The European Space Agency’s (ESA) Rosetta spacecraft, whose comet-chasing mission was recently extended until the end of September 2016, has come up with a new discovery about the Comet 67P/Churyumov-Gerasimenko. Rosetta, which was launched in 2004, has found active pits -- similar to “sinkholes” -- that are responsible for a number of dust jets emerging from the comet’s surface.

The pits that are likely formed by a sudden collapse of the comet’s surface are expected to help astronomers better understand the chaotic and diverse interior of the Comet 67P, scientists said in a study, published in the journal Nature on Wednesday. Ever since it reached the comet last August, and subsequently deployed the Philae lander on Nov. 12, Rosetta has been monitoring how the comet’s corona of dust and gas grows as it moves closer to the sun, according to ESA.

“We see jets arising from the fractured areas of the walls inside the pits,” Jean-Baptiste Vincent from the Max Planck Institute for Solar System Research, and the study’s lead author, said in a statement on Wednesday. “These fractures mean that volatiles trapped under the surface can be warmed more easily and subsequently escape into space.”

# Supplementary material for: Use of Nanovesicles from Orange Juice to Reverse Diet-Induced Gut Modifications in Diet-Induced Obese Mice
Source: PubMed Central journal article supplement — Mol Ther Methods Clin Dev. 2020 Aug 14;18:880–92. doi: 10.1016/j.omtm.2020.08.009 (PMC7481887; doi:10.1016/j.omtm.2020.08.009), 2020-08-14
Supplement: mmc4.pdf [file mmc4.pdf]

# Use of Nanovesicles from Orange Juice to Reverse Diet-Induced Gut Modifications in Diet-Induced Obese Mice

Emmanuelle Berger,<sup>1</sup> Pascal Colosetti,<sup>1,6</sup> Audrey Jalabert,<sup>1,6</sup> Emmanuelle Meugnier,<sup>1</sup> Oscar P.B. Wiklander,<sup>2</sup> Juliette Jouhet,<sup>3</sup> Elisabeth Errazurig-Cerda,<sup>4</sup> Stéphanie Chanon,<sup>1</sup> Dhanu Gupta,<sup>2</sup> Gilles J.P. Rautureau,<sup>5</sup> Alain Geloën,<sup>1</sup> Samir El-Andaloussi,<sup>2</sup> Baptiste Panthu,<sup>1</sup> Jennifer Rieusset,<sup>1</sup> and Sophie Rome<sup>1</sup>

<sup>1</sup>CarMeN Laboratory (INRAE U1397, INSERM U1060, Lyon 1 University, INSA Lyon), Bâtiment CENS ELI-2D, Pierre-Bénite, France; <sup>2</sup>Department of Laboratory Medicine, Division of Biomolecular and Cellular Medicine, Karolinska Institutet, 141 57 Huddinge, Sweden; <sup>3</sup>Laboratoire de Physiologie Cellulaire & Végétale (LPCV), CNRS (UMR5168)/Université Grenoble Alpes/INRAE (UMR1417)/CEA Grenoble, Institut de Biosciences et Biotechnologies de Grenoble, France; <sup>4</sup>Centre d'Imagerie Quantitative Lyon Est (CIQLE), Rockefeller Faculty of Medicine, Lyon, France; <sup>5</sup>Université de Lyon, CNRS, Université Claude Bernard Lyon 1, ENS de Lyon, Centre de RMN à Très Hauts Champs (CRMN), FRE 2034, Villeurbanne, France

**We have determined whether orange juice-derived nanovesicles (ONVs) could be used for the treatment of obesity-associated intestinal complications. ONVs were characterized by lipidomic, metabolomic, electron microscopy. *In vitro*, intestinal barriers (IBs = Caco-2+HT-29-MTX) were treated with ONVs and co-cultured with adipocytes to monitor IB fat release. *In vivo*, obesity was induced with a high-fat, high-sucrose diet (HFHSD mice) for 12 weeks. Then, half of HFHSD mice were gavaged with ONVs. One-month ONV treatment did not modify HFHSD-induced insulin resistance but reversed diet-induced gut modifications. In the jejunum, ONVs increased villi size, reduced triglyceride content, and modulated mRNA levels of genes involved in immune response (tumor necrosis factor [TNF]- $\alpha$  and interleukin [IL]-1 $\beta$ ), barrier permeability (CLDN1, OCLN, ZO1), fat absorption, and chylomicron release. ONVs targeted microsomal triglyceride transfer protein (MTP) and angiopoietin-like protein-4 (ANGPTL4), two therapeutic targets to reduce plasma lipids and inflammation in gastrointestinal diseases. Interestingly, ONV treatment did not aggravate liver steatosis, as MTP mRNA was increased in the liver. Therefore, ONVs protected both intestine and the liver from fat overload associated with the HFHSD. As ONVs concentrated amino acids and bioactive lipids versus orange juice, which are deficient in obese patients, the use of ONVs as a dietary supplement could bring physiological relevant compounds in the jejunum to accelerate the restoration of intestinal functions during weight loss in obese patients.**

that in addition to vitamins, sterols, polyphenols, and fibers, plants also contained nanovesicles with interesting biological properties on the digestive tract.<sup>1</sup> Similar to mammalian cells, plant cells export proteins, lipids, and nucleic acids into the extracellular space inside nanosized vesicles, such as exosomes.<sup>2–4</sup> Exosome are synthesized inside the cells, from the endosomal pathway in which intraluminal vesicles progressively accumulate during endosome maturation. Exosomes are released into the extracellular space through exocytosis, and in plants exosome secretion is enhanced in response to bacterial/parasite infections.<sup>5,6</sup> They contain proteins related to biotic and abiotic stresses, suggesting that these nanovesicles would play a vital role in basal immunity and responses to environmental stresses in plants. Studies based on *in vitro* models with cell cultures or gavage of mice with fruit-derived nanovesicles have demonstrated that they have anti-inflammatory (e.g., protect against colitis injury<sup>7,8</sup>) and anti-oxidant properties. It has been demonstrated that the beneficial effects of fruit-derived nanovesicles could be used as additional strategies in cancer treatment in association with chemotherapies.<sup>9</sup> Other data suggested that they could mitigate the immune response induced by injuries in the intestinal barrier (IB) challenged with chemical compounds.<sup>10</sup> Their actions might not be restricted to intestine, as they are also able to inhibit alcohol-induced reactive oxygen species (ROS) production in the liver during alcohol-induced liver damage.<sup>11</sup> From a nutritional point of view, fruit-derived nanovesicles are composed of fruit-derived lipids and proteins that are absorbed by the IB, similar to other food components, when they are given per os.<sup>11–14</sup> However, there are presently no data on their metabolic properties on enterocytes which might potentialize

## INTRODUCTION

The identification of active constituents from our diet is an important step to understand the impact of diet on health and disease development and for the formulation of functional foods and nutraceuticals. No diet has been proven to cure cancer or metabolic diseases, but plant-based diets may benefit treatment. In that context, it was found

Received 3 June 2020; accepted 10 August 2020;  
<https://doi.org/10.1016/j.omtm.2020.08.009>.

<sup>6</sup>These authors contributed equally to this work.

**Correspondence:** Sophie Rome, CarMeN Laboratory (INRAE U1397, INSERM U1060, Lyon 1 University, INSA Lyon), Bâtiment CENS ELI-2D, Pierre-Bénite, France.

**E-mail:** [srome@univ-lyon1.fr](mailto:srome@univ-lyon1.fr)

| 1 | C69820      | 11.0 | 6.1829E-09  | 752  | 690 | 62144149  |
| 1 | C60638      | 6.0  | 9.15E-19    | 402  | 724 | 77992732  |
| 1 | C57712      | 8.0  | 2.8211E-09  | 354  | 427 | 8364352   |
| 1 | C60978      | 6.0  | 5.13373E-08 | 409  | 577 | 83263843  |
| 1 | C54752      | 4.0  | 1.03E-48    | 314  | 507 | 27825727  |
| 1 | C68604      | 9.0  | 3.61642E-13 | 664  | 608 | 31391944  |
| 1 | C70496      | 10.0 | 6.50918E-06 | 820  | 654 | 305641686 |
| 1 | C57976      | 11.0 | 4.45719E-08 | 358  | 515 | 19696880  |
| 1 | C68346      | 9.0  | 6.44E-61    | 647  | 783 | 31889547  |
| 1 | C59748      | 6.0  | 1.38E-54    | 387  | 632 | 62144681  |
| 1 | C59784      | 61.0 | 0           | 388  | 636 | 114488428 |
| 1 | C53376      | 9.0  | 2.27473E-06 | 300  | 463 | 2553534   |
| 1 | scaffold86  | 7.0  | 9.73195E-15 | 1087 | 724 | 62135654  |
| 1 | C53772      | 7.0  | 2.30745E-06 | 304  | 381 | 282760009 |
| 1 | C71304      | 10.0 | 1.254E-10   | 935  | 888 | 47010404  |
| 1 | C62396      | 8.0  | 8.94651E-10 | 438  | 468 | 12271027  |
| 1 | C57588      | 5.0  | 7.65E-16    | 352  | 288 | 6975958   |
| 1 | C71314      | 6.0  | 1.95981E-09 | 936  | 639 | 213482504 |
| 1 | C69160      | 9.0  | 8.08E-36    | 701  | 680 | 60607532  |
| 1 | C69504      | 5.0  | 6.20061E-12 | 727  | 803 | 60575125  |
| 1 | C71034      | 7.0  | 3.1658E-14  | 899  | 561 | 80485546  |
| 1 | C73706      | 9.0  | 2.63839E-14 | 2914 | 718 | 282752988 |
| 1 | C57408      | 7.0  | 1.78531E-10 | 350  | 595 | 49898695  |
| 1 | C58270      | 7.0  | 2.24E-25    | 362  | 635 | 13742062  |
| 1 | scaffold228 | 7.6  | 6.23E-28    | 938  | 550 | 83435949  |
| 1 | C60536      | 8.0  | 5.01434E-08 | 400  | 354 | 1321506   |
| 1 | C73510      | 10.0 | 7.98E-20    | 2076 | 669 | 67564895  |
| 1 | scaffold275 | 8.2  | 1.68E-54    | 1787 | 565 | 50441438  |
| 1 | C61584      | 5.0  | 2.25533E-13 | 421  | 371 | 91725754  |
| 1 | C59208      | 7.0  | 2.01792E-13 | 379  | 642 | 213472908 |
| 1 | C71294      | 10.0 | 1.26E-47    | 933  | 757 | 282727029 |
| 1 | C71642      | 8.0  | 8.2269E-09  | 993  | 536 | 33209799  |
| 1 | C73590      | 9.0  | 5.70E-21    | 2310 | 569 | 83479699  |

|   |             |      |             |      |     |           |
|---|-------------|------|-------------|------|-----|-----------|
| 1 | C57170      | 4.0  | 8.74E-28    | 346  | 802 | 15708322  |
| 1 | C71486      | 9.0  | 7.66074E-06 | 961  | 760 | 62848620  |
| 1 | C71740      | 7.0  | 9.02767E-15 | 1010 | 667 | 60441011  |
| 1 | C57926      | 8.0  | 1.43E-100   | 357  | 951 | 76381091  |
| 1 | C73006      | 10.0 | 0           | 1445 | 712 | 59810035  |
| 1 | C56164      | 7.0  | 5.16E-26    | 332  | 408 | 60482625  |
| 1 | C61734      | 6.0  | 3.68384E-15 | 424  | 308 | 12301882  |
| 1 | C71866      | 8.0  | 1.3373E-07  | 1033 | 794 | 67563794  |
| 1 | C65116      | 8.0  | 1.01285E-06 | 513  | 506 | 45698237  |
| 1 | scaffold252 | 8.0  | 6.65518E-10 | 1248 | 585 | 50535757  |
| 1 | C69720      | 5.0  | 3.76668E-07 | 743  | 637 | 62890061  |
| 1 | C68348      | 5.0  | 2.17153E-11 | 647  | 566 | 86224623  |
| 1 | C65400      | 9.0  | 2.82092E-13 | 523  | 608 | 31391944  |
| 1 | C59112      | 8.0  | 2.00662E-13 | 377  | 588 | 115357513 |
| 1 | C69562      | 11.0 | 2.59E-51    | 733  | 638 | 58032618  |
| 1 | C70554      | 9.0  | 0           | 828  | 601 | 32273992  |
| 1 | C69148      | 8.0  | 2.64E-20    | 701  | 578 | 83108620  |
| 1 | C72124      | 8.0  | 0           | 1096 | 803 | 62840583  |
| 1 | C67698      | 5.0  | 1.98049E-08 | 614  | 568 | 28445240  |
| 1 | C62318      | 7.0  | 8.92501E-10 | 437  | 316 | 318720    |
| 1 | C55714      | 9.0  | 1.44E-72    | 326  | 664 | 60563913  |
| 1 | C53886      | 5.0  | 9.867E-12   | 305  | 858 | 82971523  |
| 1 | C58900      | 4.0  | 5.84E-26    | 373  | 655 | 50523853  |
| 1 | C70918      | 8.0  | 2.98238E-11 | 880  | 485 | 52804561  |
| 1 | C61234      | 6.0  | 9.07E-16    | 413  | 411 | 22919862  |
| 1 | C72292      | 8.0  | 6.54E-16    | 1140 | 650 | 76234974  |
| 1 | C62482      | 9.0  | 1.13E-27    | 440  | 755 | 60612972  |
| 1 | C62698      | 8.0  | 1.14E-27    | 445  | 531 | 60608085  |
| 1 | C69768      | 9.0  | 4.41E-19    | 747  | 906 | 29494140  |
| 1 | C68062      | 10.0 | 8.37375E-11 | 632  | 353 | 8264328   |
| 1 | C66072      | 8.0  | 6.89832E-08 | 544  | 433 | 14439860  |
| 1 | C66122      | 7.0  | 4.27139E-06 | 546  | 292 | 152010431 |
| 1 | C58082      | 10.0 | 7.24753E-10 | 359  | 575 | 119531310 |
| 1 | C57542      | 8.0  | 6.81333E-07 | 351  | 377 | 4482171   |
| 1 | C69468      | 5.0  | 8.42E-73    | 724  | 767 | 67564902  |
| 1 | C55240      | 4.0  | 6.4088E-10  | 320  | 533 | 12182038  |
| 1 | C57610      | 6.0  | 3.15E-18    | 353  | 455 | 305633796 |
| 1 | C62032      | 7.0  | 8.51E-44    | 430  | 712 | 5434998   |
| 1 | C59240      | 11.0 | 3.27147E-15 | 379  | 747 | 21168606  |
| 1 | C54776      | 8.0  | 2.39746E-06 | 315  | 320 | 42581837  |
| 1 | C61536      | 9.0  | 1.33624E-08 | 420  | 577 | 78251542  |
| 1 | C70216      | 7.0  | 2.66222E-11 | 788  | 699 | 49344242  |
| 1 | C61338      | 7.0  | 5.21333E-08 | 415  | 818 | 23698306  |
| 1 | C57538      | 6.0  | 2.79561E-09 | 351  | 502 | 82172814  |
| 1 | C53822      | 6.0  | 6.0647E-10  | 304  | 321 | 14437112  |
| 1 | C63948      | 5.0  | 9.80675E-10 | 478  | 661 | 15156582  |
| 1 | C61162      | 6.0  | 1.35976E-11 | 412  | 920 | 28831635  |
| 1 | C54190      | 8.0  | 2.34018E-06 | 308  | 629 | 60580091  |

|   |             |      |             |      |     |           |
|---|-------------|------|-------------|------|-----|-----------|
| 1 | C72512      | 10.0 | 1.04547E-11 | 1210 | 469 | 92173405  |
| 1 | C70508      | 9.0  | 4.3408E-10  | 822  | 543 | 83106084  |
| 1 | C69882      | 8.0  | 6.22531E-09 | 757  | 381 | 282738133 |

Rosetta previously observed a complex pattern of the dust jets emitted from the nucleus of the comet. But as part of the latest findings, the spacecraft has managed to take high-resolution images from a much closer distance, helping astronomers trace the dust jets to specific locations on Comet 67P’s surface for the first time.

Scientists believe that the pits are formed when the ceiling of a subsurface cavity becomes too thin to support its own weight and collapses.

“The pits are a few tens to a few hundreds of meters in diameter and extend up to 210 m below the surface to a smooth dust-covered floor. Material is seen to be streaming from the most active pits,” according to ESA.

Comet 67P/Churyumov-Gerasimenko will make its closest approach to the sun on Aug. 13, during which scientists are expected to move Rosetta much closer to the comet’s nucleus for a more detailed survey.